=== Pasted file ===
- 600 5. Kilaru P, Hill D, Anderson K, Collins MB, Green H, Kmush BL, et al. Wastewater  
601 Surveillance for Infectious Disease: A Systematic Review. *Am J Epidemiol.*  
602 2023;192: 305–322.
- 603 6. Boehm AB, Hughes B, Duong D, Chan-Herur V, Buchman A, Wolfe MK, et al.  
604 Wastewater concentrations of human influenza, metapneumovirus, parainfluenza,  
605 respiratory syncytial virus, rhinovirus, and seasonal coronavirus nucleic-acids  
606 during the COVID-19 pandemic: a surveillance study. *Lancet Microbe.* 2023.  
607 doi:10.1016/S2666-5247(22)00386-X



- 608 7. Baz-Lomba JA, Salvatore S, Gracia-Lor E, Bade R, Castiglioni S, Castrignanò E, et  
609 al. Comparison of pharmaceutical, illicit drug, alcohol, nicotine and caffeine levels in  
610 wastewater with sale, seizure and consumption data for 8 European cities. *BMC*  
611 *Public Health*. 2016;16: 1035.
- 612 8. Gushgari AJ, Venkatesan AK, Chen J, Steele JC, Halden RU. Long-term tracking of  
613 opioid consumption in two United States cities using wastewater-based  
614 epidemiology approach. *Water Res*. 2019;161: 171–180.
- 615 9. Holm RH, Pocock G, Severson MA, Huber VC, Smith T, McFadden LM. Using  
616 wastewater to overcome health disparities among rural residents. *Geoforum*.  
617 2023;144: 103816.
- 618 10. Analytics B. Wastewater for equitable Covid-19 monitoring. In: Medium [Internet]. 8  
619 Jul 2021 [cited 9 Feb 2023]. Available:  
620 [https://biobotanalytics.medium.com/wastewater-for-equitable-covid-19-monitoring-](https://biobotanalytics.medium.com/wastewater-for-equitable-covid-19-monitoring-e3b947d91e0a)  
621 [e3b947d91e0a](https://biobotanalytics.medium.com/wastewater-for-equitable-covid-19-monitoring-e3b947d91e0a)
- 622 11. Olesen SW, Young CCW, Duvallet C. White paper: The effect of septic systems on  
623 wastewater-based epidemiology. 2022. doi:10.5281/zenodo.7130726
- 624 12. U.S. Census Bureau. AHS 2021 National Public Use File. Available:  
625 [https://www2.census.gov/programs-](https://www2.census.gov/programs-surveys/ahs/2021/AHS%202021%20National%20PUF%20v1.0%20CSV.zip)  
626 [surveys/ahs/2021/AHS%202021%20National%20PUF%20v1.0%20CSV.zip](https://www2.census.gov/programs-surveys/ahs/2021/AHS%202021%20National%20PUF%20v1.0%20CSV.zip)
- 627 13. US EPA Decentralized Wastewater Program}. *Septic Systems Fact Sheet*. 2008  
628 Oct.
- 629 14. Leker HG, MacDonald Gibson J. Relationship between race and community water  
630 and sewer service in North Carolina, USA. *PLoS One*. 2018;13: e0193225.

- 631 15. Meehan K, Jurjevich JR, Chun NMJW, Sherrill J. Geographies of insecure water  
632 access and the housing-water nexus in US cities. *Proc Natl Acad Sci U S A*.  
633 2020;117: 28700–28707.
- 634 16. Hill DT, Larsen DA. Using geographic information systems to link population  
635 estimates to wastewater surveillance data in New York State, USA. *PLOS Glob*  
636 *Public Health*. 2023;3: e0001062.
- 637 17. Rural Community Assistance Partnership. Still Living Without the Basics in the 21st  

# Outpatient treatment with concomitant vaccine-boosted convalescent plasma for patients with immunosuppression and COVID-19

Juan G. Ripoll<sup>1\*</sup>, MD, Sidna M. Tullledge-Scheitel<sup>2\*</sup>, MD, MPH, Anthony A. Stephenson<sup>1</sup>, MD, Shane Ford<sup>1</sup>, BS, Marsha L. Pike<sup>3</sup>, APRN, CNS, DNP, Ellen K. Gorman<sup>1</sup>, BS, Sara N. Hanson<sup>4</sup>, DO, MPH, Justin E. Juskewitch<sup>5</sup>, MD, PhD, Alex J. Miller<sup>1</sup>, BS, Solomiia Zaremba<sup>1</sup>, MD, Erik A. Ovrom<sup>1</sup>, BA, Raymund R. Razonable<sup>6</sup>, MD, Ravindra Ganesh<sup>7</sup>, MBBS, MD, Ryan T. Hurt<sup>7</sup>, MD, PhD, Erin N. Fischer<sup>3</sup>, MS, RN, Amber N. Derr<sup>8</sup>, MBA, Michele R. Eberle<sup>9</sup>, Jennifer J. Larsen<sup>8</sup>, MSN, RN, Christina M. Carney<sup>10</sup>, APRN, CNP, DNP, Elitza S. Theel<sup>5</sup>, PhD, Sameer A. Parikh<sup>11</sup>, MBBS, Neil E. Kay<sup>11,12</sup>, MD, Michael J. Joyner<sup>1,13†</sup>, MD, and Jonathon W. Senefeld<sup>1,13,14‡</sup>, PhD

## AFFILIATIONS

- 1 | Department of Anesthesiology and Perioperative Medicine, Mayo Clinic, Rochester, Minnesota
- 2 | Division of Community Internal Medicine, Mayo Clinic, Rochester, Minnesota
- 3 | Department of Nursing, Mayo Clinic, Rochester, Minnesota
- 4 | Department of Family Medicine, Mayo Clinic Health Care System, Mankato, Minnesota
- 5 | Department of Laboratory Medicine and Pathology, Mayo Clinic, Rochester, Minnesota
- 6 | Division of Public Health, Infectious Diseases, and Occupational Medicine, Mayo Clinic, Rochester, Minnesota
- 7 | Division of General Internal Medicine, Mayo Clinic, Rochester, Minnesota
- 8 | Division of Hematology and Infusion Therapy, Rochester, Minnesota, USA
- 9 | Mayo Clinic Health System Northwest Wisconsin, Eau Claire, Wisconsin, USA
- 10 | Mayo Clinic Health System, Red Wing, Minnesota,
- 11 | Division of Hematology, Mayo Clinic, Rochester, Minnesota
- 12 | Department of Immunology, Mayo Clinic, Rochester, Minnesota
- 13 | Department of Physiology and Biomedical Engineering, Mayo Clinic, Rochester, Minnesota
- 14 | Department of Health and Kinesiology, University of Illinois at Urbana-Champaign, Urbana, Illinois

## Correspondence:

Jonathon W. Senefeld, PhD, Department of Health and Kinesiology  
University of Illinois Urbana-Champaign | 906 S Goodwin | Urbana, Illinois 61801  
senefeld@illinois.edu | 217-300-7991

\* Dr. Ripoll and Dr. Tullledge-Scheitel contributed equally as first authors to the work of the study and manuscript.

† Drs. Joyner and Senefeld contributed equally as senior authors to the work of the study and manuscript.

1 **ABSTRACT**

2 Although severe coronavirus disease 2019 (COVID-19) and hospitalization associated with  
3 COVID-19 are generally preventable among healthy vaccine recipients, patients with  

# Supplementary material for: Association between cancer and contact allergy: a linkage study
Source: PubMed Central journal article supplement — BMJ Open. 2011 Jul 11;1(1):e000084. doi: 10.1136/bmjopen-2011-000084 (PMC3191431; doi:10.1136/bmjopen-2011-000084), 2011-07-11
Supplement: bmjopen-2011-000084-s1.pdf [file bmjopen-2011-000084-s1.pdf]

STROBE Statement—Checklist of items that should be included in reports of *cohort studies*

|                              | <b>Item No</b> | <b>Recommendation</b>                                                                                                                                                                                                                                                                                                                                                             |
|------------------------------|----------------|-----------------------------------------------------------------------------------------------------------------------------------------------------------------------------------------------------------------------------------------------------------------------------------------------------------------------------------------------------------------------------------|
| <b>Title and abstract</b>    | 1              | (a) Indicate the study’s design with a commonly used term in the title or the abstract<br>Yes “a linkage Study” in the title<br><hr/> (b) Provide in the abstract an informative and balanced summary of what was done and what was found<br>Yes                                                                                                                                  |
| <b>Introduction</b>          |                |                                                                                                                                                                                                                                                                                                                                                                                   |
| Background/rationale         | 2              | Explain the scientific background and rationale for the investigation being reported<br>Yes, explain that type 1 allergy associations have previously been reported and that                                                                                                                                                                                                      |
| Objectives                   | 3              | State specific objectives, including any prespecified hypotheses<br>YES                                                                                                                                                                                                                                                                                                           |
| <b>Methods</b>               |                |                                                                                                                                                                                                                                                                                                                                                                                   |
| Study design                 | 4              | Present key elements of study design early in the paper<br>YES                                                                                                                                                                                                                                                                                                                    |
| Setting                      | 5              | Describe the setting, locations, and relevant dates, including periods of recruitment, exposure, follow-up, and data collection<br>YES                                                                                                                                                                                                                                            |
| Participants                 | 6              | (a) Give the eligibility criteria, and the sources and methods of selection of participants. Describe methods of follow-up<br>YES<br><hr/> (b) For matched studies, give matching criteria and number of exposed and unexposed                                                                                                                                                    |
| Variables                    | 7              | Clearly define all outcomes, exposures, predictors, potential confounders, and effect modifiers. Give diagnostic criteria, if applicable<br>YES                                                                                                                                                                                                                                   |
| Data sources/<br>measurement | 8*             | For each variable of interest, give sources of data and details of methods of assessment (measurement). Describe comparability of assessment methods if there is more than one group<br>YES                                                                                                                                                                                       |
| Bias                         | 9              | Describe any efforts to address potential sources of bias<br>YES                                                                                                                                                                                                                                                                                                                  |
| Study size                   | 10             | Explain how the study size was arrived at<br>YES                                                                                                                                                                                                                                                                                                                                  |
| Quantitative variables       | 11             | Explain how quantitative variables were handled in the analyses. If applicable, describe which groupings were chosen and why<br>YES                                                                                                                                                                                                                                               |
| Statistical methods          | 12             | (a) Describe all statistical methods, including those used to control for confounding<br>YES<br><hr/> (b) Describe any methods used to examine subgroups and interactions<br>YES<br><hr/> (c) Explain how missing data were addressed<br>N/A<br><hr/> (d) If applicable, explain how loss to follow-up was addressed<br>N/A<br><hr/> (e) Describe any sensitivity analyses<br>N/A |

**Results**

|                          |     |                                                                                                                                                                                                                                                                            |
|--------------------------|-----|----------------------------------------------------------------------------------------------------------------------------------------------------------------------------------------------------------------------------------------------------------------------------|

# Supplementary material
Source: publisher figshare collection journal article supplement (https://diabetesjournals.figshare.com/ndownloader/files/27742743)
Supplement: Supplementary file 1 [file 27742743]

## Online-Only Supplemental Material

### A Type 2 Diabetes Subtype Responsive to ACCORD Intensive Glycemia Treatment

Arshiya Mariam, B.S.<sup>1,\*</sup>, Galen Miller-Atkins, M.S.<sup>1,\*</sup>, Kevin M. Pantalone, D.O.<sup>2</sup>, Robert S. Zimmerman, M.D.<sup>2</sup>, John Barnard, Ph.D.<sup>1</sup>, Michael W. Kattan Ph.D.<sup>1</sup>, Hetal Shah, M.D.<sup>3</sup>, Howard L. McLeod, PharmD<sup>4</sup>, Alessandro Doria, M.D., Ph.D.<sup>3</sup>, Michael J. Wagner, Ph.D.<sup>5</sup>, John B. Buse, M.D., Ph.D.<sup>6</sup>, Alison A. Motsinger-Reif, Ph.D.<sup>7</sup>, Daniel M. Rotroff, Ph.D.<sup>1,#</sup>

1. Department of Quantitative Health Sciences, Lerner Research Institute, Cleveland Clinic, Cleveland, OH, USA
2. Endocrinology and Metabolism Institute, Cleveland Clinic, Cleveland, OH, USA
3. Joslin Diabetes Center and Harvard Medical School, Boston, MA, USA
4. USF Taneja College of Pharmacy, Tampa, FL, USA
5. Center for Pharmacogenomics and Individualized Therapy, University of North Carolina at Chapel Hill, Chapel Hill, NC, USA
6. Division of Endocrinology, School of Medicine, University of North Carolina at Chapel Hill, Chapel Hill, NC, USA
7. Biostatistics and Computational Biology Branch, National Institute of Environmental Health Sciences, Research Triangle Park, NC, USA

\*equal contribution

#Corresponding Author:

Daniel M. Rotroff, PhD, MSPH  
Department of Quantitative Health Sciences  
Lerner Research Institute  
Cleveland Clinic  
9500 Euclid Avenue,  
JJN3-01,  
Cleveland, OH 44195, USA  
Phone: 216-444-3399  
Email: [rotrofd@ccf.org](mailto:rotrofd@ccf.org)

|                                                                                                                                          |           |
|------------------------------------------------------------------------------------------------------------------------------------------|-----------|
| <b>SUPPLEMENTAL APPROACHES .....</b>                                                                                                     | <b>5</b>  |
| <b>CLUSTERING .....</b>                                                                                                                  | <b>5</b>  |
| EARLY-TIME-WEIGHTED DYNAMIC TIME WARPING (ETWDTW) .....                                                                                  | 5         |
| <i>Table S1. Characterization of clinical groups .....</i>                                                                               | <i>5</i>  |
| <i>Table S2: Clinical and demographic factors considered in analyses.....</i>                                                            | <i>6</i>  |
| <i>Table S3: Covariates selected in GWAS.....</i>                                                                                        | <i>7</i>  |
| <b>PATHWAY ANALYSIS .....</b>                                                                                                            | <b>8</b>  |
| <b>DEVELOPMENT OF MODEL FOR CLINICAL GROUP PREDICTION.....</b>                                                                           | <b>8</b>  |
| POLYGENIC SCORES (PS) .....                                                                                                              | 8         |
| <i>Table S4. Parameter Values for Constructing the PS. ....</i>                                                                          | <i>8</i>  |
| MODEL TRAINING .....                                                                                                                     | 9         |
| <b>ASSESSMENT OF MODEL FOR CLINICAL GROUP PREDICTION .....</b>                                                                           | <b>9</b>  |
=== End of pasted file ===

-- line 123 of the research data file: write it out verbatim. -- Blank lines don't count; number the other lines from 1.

| <i>Table S4. Parameter Values for Constructing the PS. ....</i>                                                                          | <i>8</i>  |